Published August 02, 2012
Wildfires have ravaged the United States this year, so much so that a Congressional hearing was called in June to discuss extreme weather in the U.S.
Fortunately, the Department of Homeland Security's Science and Technology division has three projects underway that should reduce risk and improve the safety of U.S. firefighters.
GLANSER: A Firefighter locator
When firefighters enter a building or a wildfire they “vanish off the map” in the words of DHS S&T -- meaning a GPS satellite signal cannot follow them. Most firefighters also still use analog radio signals, which have problems getting through concrete, tunnels, forest and smoke-filled structures.
Yet nearly 90 percent of fire-related firefighter injuries happen within these types of structures, where locating an injured firefighter is a real challenge.
GLANSER is the Geospatial Location Accountability and Navigation System for Emergency Responders, a tool that lets incident commanders locate and track first responders inside enclosed areas.
This portable tracking device comprises a microwave radio, battery and navigation technology. The commander can plug a USB powered base station into a laptop that transmits and receives signals; the more firetrucks with base stations the better the accuracy.
The GLANSER system can track approximately 500 firefighters simultaneously in a 50 story building and is accurate to as little as three feet.
The Star Trek-style PHASER
Rather than a weapon, PHASER is like a tricorder for firefighters.
PHASER is the Physiological Health Assessment System for Emergency Responders program that DHS S&T has been working on with UCLA. It monitors the pulse, body temperature and blood pressure of a firefighter and then relays his or her vitals back to the base.
According to U.S. Fire Administration statistics, an estimated 81,000 firefighter injuries occur annually in the United States.
U.S. first responders have the highest occupational rate of line-of-duty deaths from cardiovascular and cerebrovascular incidents, making the ability to monitor and assist them an imperative.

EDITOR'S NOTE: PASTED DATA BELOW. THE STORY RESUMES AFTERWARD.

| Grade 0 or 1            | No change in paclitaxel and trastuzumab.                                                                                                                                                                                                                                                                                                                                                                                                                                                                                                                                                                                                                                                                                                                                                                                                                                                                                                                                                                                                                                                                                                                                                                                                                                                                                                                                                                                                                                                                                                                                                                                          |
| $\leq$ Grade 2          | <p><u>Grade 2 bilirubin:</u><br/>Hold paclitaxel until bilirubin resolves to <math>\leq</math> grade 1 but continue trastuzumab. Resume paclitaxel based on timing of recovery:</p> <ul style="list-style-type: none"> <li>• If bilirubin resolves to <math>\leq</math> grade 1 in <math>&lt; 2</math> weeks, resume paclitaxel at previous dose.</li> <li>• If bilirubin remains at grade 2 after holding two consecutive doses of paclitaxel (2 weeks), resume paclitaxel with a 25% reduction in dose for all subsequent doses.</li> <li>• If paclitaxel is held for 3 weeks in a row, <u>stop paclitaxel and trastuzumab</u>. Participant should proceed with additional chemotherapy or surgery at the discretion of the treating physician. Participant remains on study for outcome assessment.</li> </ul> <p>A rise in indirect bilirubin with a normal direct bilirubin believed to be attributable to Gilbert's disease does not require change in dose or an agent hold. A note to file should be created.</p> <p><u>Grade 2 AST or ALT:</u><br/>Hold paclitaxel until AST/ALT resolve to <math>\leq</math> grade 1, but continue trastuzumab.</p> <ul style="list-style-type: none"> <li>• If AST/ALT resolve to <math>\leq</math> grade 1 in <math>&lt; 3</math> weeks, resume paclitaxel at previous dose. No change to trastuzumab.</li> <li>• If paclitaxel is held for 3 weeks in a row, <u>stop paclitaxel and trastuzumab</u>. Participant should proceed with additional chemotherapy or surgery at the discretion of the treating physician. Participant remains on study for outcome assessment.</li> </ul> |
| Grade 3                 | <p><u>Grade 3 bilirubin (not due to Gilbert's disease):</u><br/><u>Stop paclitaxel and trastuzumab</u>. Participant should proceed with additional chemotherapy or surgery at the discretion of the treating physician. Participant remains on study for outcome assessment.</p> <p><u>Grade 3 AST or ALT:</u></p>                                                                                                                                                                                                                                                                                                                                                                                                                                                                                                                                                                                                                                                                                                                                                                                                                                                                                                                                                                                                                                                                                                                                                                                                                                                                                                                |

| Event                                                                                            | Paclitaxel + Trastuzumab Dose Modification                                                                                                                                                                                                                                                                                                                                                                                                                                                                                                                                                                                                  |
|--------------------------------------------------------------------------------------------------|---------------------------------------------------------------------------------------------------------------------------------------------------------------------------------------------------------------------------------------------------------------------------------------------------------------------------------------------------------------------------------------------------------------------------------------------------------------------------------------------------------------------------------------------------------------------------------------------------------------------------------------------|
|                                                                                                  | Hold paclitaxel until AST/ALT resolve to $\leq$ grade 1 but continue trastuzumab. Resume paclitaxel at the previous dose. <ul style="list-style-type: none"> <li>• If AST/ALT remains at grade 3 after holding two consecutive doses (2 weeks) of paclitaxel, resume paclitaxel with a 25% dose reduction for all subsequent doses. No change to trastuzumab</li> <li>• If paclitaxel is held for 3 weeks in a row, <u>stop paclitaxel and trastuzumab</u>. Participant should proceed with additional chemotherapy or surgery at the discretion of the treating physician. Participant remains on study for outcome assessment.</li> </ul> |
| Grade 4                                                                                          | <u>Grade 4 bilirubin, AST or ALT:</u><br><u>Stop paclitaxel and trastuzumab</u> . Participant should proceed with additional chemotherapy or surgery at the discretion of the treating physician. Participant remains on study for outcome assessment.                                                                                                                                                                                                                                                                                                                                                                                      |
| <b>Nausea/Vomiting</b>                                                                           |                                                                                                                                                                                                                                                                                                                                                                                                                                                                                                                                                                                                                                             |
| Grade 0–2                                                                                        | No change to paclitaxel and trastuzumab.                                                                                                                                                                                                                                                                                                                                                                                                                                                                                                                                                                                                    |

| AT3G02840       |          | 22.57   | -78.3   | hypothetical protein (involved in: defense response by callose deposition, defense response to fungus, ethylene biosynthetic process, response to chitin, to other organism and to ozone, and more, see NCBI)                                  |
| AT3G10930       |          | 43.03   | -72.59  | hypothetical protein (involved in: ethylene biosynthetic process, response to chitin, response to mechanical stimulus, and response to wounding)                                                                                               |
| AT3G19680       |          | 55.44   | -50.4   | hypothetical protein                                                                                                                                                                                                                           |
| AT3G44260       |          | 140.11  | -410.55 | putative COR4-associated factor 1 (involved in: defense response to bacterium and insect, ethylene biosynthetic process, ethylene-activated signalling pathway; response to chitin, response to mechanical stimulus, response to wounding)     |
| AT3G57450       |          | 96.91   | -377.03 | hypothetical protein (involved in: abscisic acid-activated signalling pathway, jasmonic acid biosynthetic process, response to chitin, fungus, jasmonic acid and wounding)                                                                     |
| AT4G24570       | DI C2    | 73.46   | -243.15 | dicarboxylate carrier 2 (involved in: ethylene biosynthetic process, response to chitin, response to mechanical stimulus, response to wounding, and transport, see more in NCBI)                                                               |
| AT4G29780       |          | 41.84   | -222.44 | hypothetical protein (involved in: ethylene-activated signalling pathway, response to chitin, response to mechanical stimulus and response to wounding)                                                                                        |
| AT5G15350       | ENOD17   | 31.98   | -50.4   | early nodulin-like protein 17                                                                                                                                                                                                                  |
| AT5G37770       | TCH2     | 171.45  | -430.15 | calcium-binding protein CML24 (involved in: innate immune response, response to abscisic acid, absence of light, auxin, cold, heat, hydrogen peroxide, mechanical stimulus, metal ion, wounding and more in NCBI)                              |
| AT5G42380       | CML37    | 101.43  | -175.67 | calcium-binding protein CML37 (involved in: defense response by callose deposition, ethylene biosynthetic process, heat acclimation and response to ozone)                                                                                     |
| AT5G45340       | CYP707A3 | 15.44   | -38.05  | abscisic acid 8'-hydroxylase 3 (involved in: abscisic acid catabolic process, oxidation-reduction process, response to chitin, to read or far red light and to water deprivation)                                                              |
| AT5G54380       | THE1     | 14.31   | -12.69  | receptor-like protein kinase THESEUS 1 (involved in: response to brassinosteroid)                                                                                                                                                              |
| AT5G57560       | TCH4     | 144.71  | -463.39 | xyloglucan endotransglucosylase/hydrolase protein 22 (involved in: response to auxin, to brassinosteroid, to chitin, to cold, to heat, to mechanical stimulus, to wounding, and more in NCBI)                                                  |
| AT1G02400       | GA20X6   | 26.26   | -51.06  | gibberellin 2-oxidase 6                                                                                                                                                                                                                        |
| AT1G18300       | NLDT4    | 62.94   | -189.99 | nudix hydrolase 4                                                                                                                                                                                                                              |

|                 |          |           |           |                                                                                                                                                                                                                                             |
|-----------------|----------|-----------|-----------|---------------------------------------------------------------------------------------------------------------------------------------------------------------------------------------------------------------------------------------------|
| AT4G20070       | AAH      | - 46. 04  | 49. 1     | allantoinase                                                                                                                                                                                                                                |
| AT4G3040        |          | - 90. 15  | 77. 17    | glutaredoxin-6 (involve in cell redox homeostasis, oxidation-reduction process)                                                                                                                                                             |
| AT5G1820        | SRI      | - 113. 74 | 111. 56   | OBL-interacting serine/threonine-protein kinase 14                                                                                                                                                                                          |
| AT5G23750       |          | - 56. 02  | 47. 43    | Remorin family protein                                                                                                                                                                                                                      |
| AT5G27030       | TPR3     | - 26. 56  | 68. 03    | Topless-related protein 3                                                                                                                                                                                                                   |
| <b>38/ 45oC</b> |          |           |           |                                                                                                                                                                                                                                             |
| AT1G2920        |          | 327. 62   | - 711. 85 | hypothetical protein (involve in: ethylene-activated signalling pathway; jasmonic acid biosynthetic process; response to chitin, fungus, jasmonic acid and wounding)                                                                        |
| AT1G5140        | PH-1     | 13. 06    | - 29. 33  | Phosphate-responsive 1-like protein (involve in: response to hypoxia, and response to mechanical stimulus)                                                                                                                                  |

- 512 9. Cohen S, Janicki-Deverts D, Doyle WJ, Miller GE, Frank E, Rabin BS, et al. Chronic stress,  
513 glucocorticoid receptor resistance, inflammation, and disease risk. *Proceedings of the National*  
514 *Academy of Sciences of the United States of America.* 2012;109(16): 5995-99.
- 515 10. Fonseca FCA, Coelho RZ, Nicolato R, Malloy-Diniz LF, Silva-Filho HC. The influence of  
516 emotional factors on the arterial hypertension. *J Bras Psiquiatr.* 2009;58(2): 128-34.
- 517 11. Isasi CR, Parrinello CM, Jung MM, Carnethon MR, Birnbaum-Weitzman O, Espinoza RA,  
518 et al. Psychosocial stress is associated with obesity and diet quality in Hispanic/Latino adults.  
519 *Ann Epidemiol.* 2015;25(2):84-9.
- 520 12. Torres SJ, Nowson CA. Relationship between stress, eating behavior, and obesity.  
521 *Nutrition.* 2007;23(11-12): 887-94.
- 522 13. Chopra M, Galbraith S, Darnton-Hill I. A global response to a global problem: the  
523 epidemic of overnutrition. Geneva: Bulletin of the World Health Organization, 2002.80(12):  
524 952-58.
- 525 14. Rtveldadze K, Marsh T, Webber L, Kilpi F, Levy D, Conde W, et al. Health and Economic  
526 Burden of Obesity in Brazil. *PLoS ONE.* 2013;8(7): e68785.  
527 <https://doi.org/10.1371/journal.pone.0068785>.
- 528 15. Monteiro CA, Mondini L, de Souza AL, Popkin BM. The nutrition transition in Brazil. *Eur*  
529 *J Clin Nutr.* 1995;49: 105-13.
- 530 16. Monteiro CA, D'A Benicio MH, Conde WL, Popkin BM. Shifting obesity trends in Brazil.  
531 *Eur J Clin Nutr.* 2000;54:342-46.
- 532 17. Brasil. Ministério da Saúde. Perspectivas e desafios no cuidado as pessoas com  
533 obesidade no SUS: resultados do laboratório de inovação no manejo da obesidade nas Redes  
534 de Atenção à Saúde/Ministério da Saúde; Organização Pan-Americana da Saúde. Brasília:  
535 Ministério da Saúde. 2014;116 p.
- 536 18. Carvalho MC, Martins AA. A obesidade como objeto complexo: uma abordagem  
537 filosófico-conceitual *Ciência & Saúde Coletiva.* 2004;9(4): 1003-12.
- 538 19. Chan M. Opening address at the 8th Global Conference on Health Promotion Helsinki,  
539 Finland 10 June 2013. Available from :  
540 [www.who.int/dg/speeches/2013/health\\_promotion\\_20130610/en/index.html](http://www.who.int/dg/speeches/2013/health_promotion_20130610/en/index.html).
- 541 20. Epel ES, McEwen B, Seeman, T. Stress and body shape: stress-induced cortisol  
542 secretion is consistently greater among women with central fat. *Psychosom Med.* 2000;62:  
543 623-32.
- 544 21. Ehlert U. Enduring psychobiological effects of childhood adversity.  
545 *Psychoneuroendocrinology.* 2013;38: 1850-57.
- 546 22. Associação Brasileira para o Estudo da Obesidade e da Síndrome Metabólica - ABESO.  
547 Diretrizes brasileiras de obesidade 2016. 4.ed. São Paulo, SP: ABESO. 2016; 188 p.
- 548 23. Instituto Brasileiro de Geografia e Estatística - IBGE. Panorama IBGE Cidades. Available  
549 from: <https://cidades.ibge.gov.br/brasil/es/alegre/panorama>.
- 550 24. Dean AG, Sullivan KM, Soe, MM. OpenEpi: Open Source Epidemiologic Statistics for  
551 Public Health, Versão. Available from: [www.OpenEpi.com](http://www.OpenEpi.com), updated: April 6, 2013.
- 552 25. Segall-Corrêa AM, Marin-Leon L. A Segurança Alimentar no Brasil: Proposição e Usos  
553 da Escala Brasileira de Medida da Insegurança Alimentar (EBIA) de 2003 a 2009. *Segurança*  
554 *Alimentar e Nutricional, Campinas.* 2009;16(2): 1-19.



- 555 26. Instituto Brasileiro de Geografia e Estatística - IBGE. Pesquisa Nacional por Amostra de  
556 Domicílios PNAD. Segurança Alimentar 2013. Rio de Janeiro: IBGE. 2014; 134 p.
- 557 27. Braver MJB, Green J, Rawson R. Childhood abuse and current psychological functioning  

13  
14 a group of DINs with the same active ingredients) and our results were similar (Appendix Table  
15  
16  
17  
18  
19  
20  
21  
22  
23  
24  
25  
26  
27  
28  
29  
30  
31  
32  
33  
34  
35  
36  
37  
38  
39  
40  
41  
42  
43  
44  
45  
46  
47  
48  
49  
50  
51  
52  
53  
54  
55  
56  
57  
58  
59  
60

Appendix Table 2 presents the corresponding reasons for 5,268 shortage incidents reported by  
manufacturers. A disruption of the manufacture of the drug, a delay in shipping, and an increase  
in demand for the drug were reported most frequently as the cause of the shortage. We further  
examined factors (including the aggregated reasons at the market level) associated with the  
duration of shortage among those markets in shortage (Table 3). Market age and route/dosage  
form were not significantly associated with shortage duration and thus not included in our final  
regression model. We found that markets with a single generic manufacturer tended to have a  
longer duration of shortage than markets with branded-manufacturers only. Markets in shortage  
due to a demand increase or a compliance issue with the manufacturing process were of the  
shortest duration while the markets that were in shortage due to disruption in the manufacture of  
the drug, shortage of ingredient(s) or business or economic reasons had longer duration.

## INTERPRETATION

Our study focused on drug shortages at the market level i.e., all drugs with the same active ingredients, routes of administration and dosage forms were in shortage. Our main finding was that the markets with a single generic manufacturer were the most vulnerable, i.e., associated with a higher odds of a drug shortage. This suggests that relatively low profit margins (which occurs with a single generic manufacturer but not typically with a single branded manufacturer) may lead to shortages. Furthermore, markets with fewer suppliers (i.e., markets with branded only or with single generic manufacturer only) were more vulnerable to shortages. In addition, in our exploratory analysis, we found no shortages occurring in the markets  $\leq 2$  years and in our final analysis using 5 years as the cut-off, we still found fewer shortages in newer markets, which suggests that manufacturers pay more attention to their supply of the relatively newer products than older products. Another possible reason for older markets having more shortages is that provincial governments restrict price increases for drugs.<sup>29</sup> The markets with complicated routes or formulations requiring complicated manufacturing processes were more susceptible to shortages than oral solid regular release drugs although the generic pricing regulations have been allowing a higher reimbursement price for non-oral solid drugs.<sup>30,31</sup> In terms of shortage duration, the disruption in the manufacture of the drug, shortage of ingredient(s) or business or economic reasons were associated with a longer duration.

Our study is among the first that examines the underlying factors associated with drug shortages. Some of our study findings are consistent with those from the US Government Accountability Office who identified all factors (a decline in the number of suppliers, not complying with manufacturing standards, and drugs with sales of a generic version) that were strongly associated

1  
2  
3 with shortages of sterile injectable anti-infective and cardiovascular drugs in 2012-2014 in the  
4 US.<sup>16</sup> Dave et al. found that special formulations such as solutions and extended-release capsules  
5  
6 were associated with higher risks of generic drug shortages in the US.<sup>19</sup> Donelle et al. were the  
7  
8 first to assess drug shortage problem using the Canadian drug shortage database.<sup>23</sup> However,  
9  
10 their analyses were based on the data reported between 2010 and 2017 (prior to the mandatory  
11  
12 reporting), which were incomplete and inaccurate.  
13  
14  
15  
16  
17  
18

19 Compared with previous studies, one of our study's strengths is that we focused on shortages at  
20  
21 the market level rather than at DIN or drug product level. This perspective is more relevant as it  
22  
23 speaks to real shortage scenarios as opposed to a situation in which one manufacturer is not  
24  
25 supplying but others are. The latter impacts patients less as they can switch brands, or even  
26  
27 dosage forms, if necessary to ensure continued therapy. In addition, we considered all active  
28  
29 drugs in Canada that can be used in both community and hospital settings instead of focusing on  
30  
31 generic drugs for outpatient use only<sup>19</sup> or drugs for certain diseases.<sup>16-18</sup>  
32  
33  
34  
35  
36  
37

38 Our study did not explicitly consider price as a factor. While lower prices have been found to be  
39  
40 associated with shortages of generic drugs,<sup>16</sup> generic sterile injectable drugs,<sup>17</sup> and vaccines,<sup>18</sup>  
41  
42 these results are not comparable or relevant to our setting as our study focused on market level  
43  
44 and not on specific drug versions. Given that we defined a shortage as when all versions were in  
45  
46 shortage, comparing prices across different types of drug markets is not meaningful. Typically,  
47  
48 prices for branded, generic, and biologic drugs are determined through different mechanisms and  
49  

Enabled by breakthroughs in medical science and technology, PHASER can instantly signal that a firefighter is in trouble and therefore expedite assistance from fellow firefighters.
While PHASER will let the commander know a firefighter is in trouble, fellow firefighters will still need to locate him or her. GLANSER and WISPER are two new technologies that can guide them to his exact location swiftly bring medical assistance.
WISPER 'bread crumbs'
PHASER uses a 900-MHz frequency, and due to its portable size, it needs a boost or it could be stopped by a wall or wall of trees in a wildfire. So it works with WISPER to achieve that boost and get the signal to the commander in spite of obstructions.
The Wireless Intelligent Sensor Platform for Emergency Responder (WISPER) relays a firefighter's vital signs back to the firetruck so that the base can monitored them and track him through a fire.
To use the system, a firefighter would carry a waterproof and heatproof canister (the coffee-mug sized containter is protected up to 500 degree Fahrenheit) on his belt with five of these throwaway signal routers -- little discs wrapped in heat-resistant silicon.
When he enters an environment where his signal becomes disrupted, the base station signals his motor-powered canister to release a router or “crumb” as DHS S&T describes -- just like in the Hansel and Gretel fable.
The routers arrange themselves like a network and pass the signal from node to node back to the laptop. Each WISPER has an antenna, a two-way digital radio and a 3-volt lithium cell.
Back at the base station, the WISPERs signal strength is monitored and if it falters the signal will be re-directed or the canister instructed to drop a WISPER.
If the router gets moved by accident during the action, the network will automatically adapt and reconfigure to get the firefighter’s vital signs and location out to the truck.
Under the DHS S&T Small Business Innovation Research program Oceanit Laboratories of Honolulu and the University of Virginia’s Department of Computer Science worked on WISPER using commercial-off-the-shelf components to keep costs and development time down.
Concrete, steel, stairwells, firehouse mist and smoke may reduce transmission rates to a paltry 10 kbps (you won’t surf the net smoothly at that rate), but that’s enough for the coordinates and vital signs of every firefighter to be transmitted and received.
In March 2011, Oceanit and UVA demonstrated WISPER works their signals stayed strong, even at up to 150 feet. One reason: When the signal strength gets low, the system drops a repeater.
Honeywell, Inc. has begun to commercialize GLANSER, but while PHASER and WISPER have also been success stories, first responders are still waiting on private industry to step up and partner to manufacture these tools to improve their safety.
For those who put their lives on the line, these innovations can’t come soon enough.
Ballet dancer turned defense specialist Allison Barrie has travelled around the world covering the military, terrorism, weapons advancements and life on the front line. You can reach her at firstname.lastname@example.org or follow her on Twitter @Allison_Barrie